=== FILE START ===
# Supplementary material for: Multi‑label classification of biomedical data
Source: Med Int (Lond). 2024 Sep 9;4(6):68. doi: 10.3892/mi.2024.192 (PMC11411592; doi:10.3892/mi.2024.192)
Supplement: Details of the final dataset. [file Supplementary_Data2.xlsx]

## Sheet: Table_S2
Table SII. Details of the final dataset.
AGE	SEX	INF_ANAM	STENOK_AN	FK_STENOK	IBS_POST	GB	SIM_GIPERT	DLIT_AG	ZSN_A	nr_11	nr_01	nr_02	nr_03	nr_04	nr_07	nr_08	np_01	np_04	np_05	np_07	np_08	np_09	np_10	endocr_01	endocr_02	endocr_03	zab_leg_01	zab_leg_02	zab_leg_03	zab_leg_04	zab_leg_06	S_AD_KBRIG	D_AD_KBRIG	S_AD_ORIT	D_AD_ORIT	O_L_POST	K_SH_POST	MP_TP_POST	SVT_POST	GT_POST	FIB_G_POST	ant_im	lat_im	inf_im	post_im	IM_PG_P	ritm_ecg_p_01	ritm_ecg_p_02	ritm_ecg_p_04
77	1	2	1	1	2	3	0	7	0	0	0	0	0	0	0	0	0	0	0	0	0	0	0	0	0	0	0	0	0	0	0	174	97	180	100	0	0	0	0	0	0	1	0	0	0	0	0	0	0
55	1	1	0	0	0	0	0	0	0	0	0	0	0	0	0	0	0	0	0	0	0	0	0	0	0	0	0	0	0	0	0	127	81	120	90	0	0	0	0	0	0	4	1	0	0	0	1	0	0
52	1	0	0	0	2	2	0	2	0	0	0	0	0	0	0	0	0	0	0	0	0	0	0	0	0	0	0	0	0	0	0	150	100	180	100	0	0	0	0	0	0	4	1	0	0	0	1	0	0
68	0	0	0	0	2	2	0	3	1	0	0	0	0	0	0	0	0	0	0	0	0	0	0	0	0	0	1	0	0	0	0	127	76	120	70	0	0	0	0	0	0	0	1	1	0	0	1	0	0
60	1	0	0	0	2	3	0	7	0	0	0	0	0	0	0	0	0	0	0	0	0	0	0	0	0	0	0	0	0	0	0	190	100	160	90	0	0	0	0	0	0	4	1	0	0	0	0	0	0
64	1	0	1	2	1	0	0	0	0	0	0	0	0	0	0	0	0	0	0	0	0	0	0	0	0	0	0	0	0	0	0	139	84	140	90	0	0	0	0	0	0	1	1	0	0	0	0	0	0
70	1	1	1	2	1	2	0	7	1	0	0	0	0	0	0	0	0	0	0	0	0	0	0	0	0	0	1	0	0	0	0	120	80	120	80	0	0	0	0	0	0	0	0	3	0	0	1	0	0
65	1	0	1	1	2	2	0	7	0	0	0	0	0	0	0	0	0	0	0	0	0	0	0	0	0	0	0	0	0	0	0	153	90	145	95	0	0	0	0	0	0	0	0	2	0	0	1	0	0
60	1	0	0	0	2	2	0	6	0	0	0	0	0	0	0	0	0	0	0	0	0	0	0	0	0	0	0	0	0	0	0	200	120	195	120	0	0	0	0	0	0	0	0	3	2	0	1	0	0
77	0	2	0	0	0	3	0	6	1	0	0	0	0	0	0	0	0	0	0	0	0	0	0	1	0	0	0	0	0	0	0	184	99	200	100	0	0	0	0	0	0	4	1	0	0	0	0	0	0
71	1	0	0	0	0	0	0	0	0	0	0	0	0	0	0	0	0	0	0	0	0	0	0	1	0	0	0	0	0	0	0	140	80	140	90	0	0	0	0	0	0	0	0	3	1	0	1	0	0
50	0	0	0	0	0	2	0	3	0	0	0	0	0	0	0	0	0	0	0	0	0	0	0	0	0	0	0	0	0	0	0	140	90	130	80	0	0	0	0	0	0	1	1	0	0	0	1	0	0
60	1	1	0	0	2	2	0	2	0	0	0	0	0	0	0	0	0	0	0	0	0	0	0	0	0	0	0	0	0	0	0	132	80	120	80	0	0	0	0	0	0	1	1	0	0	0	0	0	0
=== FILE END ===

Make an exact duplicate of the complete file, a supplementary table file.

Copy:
# Supplementary material for: Multi‑label classification of biomedical data
Source: Med Int (Lond). 2024 Sep 9;4(6):68. doi: 10.3892/mi.2024.192 (PMC11411592; doi:10.3892/mi.2024.192)
Supplement: Details of the final dataset. [file Supplementary_Data2.xlsx]

## Sheet: Table_S2
Table SII. Details of the final dataset.
AGE	SEX	INF_ANAM	STENOK_AN	FK_STENOK	IBS_POST	GB	SIM_GIPERT	DLIT_AG	ZSN_A	nr_11	nr_01	nr_02	nr_03	nr_04	nr_07	nr_08	np_01	np_04	np_05	np_07	np_08	np_09	np_10	endocr_01	endocr_02	endocr_03	zab_leg_01	zab_leg_02	zab_leg_03	zab_leg_04	zab_leg_06	S_AD_KBRIG	D_AD_KBRIG	S_AD_ORIT	D_AD_ORIT	O_L_POST	K_SH_POST	MP_TP_POST	SVT_POST	GT_POST	FIB_G_POST	ant_im	lat_im	inf_im	post_im	IM_PG_P	ritm_ecg_p_01	ritm_ecg_p_02	ritm_ecg_p_04
77	1	2	1	1	2	3	0	7	0	0	0	0	0	0	0	0	0	0	0	0	0	0	0	0	0	0	0	0	0	0	0	174	97	180	100	0	0	0	0	0	0	1	0	0	0	0	0	0	0
55	1	1	0	0	0	0	0	0	0	0	0	0	0	0	0	0	0	0	0	0	0	0	0	0	0	0	0	0	0	0	0	127	81	120	90	0	0	0	0	0	0	4	1	0	0	0	1	0	0
52	1	0	0	0	2	2	0	2	0	0	0	0	0	0	0	0	0	0	0	0	0	0	0	0	0	0	0	0	0	0	0	150	100	180	100	0	0	0	0	0	0	4	1	0	0	0	1	0	0
68	0	0	0	0	2	2	0	3	1	0	0	0	0	0	0	0	0	0	0	0	0	0	0	0	0	0	1	0	0	0	0	127	76	120	70	0	0	0	0	0	0	0	1	1	0	0	1	0	0
60	1	0	0	0	2	3	0	7	0	0	0	0	0	0	0	0	0	0	0	0	0	0	0	0	0	0	0	0	0	0	0	190	100	160	90	0	0	0	0	0	0	4	1	0	0	0	0	0	0
64	1	0	1	2	1	0	0	0	0	0	0	0	0	0	0	0	0	0	0	0	0	0	0	0	0	0	0	0	0	0	0	139	84	140	90	0	0	0	0	0	0	1	1	0	0	0	0	0	0
70	1	1	1	2	1	2	0	7	1	0	0	0	0	0	0	0	0	0	0	0	0	0	0	0	0	0	1	0	0	0	0	120	80	120	80	0	0	0	0	0	0	0	0	3	0	0	1	0	0
65	1	0	1	1	2	2	0	7	0	0	0	0	0	0	0	0	0	0	0	0	0	0	0	0	0	0	0	0	0	0	0	153	90	145	95	0	0	0	0	0	0	0	0	2	0	0	1	0	0
60	1	0	0	0	2	2	0	6	0	0	0	0	0	0	0	0	0	0	0	0	0	0	0	0	0	0	0	0	0	0	0	200	120	195	120	0	0	0	0	0	0	0	0	3	2	0	1	0	0
77	0	2	0	0	0	3	0	6	1	0	0	0	0	0	0	0	0	0	0	0	0	0	0	1	0	0	0	0	0	0	0	184	99	200	100	0	0	0	0	0	0	4	1	0	0	0	0	0	0
71	1	0	0	0	0	0	0	0	0	0	0	0	0	0	0	0	0	0	0	0	0	0	0	1	0	0	0	0	0	0	0	140	80	140	90	0	0	0	0	0	0	0	0	3	1	0	1	0	0
50	0	0	0	0	0	2	0	3	0	0	0	0	0	0	0	0	0	0	0	0	0	0	0	0	0	0	0	0	0	0	0	140	90	130	80	0	0	0	0	0	0	1	1	0	0	0	1	0	0
60	1	1	0	0	2	2	0	2	0	0	0	0	0	0	0	0	0	0	0	0	0	0	0	0	0	0	0	0	0	0	0	132	80	120	80	0	0	0	0	0	0	1	1	0	0	0	0	0	0